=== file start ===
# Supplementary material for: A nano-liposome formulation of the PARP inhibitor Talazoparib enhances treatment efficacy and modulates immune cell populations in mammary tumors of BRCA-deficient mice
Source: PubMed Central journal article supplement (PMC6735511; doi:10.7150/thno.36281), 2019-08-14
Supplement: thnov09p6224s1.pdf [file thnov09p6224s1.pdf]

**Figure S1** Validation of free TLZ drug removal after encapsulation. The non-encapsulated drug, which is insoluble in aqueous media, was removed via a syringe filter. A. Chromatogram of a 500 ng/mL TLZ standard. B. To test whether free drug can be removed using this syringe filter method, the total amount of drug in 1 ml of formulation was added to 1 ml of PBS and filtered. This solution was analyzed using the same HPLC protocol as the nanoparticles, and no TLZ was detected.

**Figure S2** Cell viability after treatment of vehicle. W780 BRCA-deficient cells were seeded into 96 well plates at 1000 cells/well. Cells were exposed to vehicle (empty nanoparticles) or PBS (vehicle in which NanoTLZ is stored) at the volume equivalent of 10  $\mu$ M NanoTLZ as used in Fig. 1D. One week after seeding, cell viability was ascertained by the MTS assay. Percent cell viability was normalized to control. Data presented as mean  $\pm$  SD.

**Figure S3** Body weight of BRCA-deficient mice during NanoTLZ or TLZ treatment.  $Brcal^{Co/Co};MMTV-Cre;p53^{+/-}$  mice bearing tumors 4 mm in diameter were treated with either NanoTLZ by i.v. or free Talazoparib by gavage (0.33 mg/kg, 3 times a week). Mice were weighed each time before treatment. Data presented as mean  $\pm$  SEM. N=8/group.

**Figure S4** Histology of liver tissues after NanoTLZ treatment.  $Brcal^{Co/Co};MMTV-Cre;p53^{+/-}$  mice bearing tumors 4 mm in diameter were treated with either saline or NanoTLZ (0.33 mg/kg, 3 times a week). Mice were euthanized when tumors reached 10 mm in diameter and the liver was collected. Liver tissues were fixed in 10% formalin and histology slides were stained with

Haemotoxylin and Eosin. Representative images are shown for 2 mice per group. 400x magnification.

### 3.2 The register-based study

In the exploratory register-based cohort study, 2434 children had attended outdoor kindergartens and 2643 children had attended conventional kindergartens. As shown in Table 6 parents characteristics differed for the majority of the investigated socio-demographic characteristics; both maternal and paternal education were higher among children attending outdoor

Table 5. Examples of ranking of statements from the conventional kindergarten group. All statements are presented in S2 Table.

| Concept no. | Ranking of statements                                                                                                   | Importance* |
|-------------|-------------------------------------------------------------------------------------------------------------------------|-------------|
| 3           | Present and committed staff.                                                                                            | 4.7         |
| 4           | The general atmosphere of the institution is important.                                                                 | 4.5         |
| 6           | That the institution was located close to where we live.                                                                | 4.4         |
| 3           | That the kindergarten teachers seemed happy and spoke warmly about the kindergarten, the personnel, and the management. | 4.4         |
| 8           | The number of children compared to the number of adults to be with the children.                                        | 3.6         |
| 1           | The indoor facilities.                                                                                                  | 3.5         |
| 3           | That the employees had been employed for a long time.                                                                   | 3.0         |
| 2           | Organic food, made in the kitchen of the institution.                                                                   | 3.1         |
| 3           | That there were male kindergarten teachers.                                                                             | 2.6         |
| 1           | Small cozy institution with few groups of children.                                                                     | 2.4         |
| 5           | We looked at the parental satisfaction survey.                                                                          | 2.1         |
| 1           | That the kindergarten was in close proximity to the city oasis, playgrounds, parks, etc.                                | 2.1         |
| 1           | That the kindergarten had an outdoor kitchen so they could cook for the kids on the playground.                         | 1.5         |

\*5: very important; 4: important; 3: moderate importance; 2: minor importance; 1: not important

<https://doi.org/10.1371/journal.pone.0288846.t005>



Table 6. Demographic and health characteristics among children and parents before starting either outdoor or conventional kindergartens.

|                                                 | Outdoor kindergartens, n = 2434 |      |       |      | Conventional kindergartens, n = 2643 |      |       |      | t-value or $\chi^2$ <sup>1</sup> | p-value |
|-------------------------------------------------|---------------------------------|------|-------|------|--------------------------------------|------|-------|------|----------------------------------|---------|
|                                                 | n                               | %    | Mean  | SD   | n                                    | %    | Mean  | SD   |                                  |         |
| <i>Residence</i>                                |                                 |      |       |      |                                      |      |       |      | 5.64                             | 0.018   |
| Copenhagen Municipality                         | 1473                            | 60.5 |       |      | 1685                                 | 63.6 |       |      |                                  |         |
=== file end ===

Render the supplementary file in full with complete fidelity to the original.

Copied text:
# Supplementary material for: A nano-liposome formulation of the PARP inhibitor Talazoparib enhances treatment efficacy and modulates immune cell populations in mammary tumors of BRCA-deficient mice
Source: PubMed Central journal article supplement (PMC6735511; doi:10.7150/thno.36281), 2019-08-14
Supplement: thnov09p6224s1.pdf [file thnov09p6224s1.pdf]

**Figure S1** Validation of free TLZ drug removal after encapsulation. The non-encapsulated drug, which is insoluble in aqueous media, was removed via a syringe filter. A. Chromatogram of a 500 ng/mL TLZ standard. B. To test whether free drug can be removed using this syringe filter method, the total amount of drug in 1 ml of formulation was added to 1 ml of PBS and filtered. This solution was analyzed using the same HPLC protocol as the nanoparticles, and no TLZ was detected.

**Figure S2** Cell viability after treatment of vehicle. W780 BRCA-deficient cells were seeded into 96 well plates at 1000 cells/well. Cells were exposed to vehicle (empty nanoparticles) or PBS (vehicle in which NanoTLZ is stored) at the volume equivalent of 10  $\mu$ M NanoTLZ as used in Fig. 1D. One week after seeding, cell viability was ascertained by the MTS assay. Percent cell viability was normalized to control. Data presented as mean  $\pm$  SD.

**Figure S3** Body weight of BRCA-deficient mice during NanoTLZ or TLZ treatment.  $Brcal^{Co/Co};MMTV-Cre;p53^{+/-}$  mice bearing tumors 4 mm in diameter were treated with either NanoTLZ by i.v. or free Talazoparib by gavage (0.33 mg/kg, 3 times a week). Mice were weighed each time before treatment. Data presented as mean  $\pm$  SEM. N=8/group.

**Figure S4** Histology of liver tissues after NanoTLZ treatment.  $Brcal^{Co/Co};MMTV-Cre;p53^{+/-}$  mice bearing tumors 4 mm in diameter were treated with either saline or NanoTLZ (0.33 mg/kg, 3 times a week). Mice were euthanized when tumors reached 10 mm in diameter and the liver was collected. Liver tissues were fixed in 10% formalin and histology slides were stained with

Haemotoxylin and Eosin. Representative images are shown for 2 mice per group. 400x magnification.

### 3.2 The register-based study

In the exploratory register-based cohort study, 2434 children had attended outdoor kindergartens and 2643 children had attended conventional kindergartens. As shown in Table 6 parents characteristics differed for the majority of the investigated socio-demographic characteristics; both maternal and paternal education were higher among children attending outdoor

Table 5. Examples of ranking of statements from the conventional kindergarten group. All statements are presented in S2 Table.

| Concept no. | Ranking of statements                                                                                                   | Importance* |
|-------------|-------------------------------------------------------------------------------------------------------------------------|-------------|
| 3           | Present and committed staff.                                                                                            | 4.7         |
| 4           | The general atmosphere of the institution is important.                                                                 | 4.5         |
| 6           | That the institution was located close to where we live.                                                                | 4.4         |
| 3           | That the kindergarten teachers seemed happy and spoke warmly about the kindergarten, the personnel, and the management. | 4.4         |
| 8           | The number of children compared to the number of adults to be with the children.                                        | 3.6         |
| 1           | The indoor facilities.                                                                                                  | 3.5         |
| 3           | That the employees had been employed for a long time.                                                                   | 3.0         |
| 2           | Organic food, made in the kitchen of the institution.                                                                   | 3.1         |
| 3           | That there were male kindergarten teachers.                                                                             | 2.6         |
| 1           | Small cozy institution with few groups of children.                                                                     | 2.4         |
| 5           | We looked at the parental satisfaction survey.                                                                          | 2.1         |
| 1           | That the kindergarten was in close proximity to the city oasis, playgrounds, parks, etc.                                | 2.1         |
| 1           | That the kindergarten had an outdoor kitchen so they could cook for the kids on the playground.                         | 1.5         |

\*5: very important; 4: important; 3: moderate importance; 2: minor importance; 1: not important

<https://doi.org/10.1371/journal.pone.0288846.t005>



Table 6. Demographic and health characteristics among children and parents before starting either outdoor or conventional kindergartens.

|                                                 | Outdoor kindergartens, n = 2434 |      |       |      | Conventional kindergartens, n = 2643 |      |       |      | t-value or $\chi^2$ <sup>1</sup> | p-value |
|-------------------------------------------------|---------------------------------|------|-------|------|--------------------------------------|------|-------|------|----------------------------------|---------|
|                                                 | n                               | %    | Mean  | SD   | n                                    | %    | Mean  | SD   |                                  |         |
| <i>Residence</i>                                |                                 |      |       |      |                                      |      |       |      | 5.64                             | 0.018   |
| Copenhagen Municipality                         | 1473                            | 60.5 |       |      | 1685                                 | 63.6 |       |      |                                  |         |